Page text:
With Lomi’s Grow mode, you can go from food scraps to soil amendment in 16-20 hours. If you compare that to the months it takes to make traditional compost, you can see why Lomi is such a beneficial addition to any household. Plus, it doesn’t smell like other organic fertilizers do.

Check out this article to learn about other ways to use Lomi dirt.

Top benefits of using Lomi dirt as a fertilizer:

  • It has a low carbon footprint.
  • It’s easy to use.
  • It gives you an unlimited supply of natural fertilizer.


Lomi by Pela



Lomi allows you to turn food waste into plant-ready nutrients in under 24 hours. Boost your plants while reducing your waste.


3. Compost

A paper bag filled with food scraps next to dirt

Compost is truly one of the best organic fertilizers because it’s simply feeding new plants with the remnants of old plants. Compost is also rich in a multitude of minerals and is easy to make, as long as you have a little patience. Thankfully, you can also purchase compost if you’re in need of it sooner rather than later.

Those who have the yard space will certainly benefit from a traditional compost pile. Although, calling it simply a pile isn’t quite accurate. If you want nutrient-dense compost to add to your garden, the best way to approach it is to have a few different piles side by side. One can be for brand new food waste and yard trimmings, another that’s on its way to becoming compost, and a third for the material that’s done.

Top benefits of using compost as a fertilizer:

  • It’s a zero waste method of gardening.
  • It improves soil structure.
  • Watching your scraps turn into usable soil over time is a rewarding process.



4. Bone Meal

A hand feeding bone meal to seedlings

Bone meal is derived from the bones of animals. Once the bones have been steamed, they’re ground up and the powder can then be used to fertilize gardens and lawns. And just like calcium is good for our bones, the calcium in bone meal is good for plants as it helps them develop strong cell walls.

Now, grinding up animal bones might not be your thing. But if you don’t mind the process you can make DIY bone meal at home. You can also buy it from many different sources, such as greenhouses and online.

Top benefits of using bone meal as a fertilizer:

  • It breaks down slowly, meaning it doesn’t need frequent application. 
  • It contains micronutrients like zinc, iron and magnesium. 
  • It won’t burn plants if you accidentally apply too much.

5. Weed Tea

Dandelion heads floating in water

Sure, weeds can be super annoying. But did you know they actually are full of beneficial nutrients? You just have to learn how to apply them properly as throwing a pile of weeds into your garden is more likely to cause harm instead of good. And the best way to apply them is by making weed tea.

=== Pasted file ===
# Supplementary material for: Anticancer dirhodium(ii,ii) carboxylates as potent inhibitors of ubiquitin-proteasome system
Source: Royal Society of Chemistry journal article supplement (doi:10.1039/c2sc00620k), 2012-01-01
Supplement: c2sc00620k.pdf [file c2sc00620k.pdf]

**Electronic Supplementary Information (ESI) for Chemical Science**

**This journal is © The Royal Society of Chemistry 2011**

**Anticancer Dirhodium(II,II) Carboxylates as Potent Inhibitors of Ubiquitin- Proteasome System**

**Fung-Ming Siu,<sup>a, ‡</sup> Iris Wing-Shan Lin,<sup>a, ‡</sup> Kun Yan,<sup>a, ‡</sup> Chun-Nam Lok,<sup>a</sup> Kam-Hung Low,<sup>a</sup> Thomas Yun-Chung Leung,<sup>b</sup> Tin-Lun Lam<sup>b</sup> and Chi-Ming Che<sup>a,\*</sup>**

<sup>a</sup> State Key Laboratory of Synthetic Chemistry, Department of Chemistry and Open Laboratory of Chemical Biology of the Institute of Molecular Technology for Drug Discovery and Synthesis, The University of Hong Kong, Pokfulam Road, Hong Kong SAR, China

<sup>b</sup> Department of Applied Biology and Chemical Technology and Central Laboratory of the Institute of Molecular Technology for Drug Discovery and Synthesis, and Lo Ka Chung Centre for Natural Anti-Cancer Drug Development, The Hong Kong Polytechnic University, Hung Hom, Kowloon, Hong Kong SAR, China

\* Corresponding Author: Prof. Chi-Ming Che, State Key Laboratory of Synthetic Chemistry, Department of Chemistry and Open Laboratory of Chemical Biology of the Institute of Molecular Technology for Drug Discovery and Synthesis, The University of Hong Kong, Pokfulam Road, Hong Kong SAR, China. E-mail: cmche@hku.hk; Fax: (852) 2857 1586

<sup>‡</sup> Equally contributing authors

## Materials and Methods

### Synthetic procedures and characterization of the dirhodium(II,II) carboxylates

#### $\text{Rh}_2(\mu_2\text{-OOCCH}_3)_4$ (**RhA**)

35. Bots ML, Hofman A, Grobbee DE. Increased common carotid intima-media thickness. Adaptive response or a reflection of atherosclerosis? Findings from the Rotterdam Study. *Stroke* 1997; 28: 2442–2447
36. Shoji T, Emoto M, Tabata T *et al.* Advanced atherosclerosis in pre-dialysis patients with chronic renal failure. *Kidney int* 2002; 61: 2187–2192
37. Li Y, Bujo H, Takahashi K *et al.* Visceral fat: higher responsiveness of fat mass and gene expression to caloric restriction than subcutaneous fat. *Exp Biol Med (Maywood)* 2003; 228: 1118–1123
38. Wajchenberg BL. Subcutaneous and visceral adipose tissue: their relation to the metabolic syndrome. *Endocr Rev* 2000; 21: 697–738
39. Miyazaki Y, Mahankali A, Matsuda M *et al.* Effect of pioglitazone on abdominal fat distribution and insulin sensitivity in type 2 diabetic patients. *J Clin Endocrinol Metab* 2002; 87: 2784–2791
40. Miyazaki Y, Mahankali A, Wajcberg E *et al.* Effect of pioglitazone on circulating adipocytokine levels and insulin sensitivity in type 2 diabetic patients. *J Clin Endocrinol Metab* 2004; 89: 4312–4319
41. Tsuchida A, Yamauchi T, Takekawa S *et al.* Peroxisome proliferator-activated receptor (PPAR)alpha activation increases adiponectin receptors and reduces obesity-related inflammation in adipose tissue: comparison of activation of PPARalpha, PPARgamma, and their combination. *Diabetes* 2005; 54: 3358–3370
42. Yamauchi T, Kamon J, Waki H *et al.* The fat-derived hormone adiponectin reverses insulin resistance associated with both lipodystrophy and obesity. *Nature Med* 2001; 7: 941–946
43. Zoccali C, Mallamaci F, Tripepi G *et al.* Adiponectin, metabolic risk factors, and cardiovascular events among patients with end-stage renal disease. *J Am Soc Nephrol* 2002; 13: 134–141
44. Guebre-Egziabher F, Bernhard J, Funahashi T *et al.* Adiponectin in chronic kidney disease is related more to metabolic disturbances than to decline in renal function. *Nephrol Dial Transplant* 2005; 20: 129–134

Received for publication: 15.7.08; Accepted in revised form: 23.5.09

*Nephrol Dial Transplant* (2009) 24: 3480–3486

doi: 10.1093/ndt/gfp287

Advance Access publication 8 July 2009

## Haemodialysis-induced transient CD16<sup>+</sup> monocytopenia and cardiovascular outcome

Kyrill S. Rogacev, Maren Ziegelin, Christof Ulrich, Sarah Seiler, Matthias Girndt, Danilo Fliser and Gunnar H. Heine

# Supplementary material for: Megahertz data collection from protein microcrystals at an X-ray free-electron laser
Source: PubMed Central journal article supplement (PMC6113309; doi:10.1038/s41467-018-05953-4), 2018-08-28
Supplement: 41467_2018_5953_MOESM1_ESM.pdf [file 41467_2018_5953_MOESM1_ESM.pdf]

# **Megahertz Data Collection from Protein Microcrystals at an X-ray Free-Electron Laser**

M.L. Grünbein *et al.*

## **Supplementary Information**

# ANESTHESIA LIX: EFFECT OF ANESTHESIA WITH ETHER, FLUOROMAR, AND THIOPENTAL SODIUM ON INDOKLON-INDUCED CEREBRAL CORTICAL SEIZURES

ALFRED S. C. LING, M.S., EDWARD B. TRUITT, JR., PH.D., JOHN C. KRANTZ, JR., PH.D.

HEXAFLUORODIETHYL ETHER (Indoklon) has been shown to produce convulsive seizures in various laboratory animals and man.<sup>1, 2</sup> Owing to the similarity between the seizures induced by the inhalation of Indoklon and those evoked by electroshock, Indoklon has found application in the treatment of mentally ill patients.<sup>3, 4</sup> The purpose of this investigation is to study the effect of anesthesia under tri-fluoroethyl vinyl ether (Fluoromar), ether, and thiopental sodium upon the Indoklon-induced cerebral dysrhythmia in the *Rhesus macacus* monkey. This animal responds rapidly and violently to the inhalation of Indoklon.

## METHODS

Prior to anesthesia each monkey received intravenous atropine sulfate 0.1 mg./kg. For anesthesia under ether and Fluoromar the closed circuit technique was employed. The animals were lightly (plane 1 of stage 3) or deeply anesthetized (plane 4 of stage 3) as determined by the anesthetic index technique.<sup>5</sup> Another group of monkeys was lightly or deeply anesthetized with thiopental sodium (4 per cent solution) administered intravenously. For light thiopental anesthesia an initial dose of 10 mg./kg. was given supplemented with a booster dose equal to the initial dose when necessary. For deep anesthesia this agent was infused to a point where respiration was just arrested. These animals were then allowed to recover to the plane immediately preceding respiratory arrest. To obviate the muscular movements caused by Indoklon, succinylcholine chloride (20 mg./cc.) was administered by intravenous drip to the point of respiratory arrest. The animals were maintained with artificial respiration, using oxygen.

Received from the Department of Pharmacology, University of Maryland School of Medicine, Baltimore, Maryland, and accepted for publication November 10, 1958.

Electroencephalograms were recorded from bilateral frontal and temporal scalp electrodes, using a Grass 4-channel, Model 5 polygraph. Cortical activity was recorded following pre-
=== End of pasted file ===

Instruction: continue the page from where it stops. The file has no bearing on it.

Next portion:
Place weeds, including their stems and roots, in a 1:4 ratio of water. Seal it in a jar and then shake gently every few days for a period of four to five weeks. Once the water has turned dark brown, run the mixture through a cloth or paper filter. Last up, dilute the tea with more water at a 1:10 ratio and pour into your garden.

Top benefits of using weed tea as a fertilizer:

  • It’s an excellent organic fertilizer for small seedlings.
  • A little bit of weed tea can go a long way.
  • It’s packed with nitrogen, phosphorus, potassium and sulfur.

6. Fish Emulsion

A person cutting a fish with a knife

Fish scraps have been used for growing food for centuries, thanks to their high nutrient value. And while historically the fish parts were often buried directly in the garden, it’s more common nowadays to use a fish emulsion instead. You can either buy fish emulsion at a store, or you can go the DIY route.

To make it yourself, buy fresh fish from the store - or catch a few yourself. After you’ve eaten the good parts, place the scraps in a bucket and then add a dry material on top - such as brown leaves. Continue to alternate layers until the bucket is two-thirds full, then cover with water, add a lid and stir the mixture every few days for several weeks. Pour the liquid into your garden and watch it flourish!

Top benefits of using fish emulsion as a fertilizer:

  • It’s a great solution for waste from the fishing industry.
  • Sensitive plants can tolerate it better than harsher fertilizers.
  • It’s very high in nitrogen. 

7. Coffee Grounds

A person spooning coffee grounds into a potted plant

If you know anything about gardening and soil pH, you’ve likely heard that soil that’s too acidic can be a bad thing. However, there are times when soil needs its acidity bumped up - and in those cases, coffee grounds are the perfect organic option.

Aside from adjusting your soil’s acidic level, coffee is also high in nitrogen and it helps improve soil aeration. You can either spread grounds around the base of your acid-loving plants every few months, or you can make a liquid spray by watering down brewed coffee at a 1:3 ratio and then spritzing it on your plants.

Top benefits of using coffee grounds as a fertilizer:

  • Plants such as blueberries, tomatoes, hydrangeas and daffodils love it.
  • If you’re a coffee drinker, you already have it in abundance.
  • It deters pests like slugs and snails.

Now you know more about the difference between organic and chemical fertilizer, hopefully you’ll feel more confident choosing one or the other the next time you’re at the gardening center. Or maybe you feel ready to try one of the homemade organic options  - like compost!

To get started making nutrient-rich dirt, reserve your Lomi today! To read more about what others are saying about Lomi, check out our reviews.

Written by: Larissa Swayze